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For as long as buildings have been around, people have worked hard to ensure that their structures functioned as intended and protected occupants and visitors. In recent decades, the goals of institutional and commercial facilities have expanded to include occupational safety, energy efficiency and accessibility for all.
The last decade or has seen the rise of another increasingly common goal for facilities — environmental friendliness. Maintenance and engineering managers have been at the center of organizations’ efforts to minimize the impact that buildings have on nearby plants and animals.
These efforts include protecting wildlife from potential harm related to the presence of large buildings.
Read: Taking control of bothersome birds
Working with the local community and experts from American Bird Conservancy, Northwestern University in Evanston, Ill., is using state-of-the-art solutions to keep birds from dying in collisions with glass walls and windows, according to Northwestern Now.
The measures put Northwestern in the vanguard of a growing movement among U.S. colleges and universities to implement practical, effective and cost-efficient strategies to reduce bird strikes, which kill up to 1 billion birds a year in the United States.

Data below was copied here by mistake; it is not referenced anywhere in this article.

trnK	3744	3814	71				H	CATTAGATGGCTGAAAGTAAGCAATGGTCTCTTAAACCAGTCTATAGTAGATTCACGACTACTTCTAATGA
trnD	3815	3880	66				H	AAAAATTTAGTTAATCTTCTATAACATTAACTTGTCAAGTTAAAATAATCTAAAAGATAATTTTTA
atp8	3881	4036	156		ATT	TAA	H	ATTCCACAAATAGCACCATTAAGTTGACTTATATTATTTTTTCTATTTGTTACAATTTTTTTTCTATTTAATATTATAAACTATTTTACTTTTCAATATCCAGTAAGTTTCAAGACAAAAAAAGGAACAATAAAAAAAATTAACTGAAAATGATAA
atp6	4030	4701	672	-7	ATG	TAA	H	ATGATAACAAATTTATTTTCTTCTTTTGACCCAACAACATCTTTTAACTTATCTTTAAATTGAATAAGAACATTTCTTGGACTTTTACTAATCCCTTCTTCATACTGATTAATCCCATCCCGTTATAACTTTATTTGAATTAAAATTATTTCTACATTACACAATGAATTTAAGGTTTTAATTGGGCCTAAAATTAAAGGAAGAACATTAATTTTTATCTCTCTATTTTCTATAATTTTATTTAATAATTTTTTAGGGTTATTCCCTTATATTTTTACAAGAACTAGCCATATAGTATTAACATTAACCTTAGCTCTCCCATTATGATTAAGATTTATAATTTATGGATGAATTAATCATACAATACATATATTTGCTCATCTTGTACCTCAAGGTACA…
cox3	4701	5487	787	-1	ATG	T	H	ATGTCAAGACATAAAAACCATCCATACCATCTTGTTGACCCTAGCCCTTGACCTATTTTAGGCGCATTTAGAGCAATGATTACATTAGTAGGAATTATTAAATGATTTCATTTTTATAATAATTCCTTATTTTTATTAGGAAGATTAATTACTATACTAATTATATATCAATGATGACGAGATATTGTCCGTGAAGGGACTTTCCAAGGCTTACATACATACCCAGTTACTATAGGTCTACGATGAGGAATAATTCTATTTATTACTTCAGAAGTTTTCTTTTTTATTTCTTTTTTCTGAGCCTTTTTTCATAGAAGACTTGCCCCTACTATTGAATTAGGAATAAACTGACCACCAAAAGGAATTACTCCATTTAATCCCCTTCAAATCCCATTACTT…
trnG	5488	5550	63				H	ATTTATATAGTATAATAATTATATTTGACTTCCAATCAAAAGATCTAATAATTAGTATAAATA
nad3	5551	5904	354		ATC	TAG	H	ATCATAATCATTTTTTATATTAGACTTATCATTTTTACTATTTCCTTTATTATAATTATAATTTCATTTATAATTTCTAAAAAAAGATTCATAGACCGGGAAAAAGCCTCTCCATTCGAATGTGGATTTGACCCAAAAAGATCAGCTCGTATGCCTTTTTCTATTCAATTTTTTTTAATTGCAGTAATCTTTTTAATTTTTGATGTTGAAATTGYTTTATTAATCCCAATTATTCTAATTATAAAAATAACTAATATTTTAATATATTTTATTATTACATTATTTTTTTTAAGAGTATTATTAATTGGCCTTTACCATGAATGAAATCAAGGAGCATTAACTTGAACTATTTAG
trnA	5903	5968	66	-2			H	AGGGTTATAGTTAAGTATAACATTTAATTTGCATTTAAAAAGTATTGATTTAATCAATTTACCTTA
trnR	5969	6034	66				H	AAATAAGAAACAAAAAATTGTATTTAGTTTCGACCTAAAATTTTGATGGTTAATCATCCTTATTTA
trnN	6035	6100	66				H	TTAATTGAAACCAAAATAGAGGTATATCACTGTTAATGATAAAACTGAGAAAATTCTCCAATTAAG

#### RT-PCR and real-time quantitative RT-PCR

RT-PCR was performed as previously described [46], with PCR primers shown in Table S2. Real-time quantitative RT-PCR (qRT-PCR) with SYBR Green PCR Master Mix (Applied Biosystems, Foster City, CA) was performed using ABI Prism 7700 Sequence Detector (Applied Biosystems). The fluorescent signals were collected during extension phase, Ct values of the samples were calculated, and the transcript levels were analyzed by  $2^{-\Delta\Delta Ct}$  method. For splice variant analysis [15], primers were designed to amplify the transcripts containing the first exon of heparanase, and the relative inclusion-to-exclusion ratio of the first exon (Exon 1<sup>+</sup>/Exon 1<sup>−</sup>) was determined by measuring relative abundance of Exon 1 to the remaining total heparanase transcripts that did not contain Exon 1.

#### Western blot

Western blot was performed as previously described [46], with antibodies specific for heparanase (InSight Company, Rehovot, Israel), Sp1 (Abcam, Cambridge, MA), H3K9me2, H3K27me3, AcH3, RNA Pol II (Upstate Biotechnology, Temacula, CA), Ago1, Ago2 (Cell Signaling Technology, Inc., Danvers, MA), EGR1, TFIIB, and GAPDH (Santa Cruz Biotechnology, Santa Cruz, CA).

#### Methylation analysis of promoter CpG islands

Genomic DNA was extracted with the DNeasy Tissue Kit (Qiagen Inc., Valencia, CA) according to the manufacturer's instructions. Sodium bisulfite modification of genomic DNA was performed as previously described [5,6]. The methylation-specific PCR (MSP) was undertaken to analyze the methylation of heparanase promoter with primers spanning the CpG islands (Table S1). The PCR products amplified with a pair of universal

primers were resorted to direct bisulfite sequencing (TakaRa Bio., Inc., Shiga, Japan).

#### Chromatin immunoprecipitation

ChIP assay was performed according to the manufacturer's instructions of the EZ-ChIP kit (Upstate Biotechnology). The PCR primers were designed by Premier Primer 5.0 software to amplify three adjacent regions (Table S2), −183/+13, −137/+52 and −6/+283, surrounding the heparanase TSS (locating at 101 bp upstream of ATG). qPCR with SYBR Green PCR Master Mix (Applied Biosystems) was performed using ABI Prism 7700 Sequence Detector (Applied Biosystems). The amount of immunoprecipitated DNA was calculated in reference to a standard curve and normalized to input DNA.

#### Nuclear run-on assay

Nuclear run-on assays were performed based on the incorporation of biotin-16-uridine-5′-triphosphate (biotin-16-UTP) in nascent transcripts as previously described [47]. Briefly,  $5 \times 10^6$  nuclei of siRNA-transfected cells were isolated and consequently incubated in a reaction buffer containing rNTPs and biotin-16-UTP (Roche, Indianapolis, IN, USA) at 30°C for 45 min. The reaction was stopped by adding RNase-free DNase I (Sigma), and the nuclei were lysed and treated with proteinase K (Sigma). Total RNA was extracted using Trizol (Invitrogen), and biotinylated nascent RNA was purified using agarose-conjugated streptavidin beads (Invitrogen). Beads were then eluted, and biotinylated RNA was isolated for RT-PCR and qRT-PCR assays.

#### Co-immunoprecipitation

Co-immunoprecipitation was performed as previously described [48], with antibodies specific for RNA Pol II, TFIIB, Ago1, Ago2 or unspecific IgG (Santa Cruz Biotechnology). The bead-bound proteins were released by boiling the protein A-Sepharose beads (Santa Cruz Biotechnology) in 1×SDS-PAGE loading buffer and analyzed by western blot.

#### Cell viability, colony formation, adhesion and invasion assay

Unlike humans, birds do not understand the concept of glass as a transparent barrier. They take glass reflections as open landscapes and, thinking they have a clear path, crash into a solid surface.
“We’re taking an active, multi-tiered approach to bird collisions, looking at new construction, existing structures and at the daily building-management level,” says Bonnie L. Humphrey, director of design in Northwestern’s facilities division.
The solutions that Northwestern has adopted include applying patterned window film to problematic existing windows and choosing glass with patterns that are visible to birds in some new construction projects.
Learn: 5 Steps to Sustainable Landscapes
Annette Prince, director of Chicago Bird Collision Monitors, says the group picks up about 5,000 birds a year injured or killed by collisions in 1 square mile of downtown Chicago alone. The birds that they find come from some 170 species, including wood thrushes and many species of warblers to larger birds, such as bitterns.
“The things we find sometimes are astounding,” Prince says. “We got a painted bunting one year. Even waterfowl can be impacted.”
Northwestern is one of several colleges and universities with campuses on or near the lakefront.
The buildings “all have similar styles, featuring glass walls, sky bridges and walkways between buildings that can be deadly for birds,” Prince said. “Northwestern is setting a powerful example that we’d like to see other universities follow. Ideally, you treat a whole building. If you can’t do that, you can at least treat the most dangerous areas.”
This Quick Read was submitted by Dan Hounsell — firstname.lastname@example.org — editor-in-chief of Facility Maintenance Decisions, and chief editor of Facilitiesnet.com.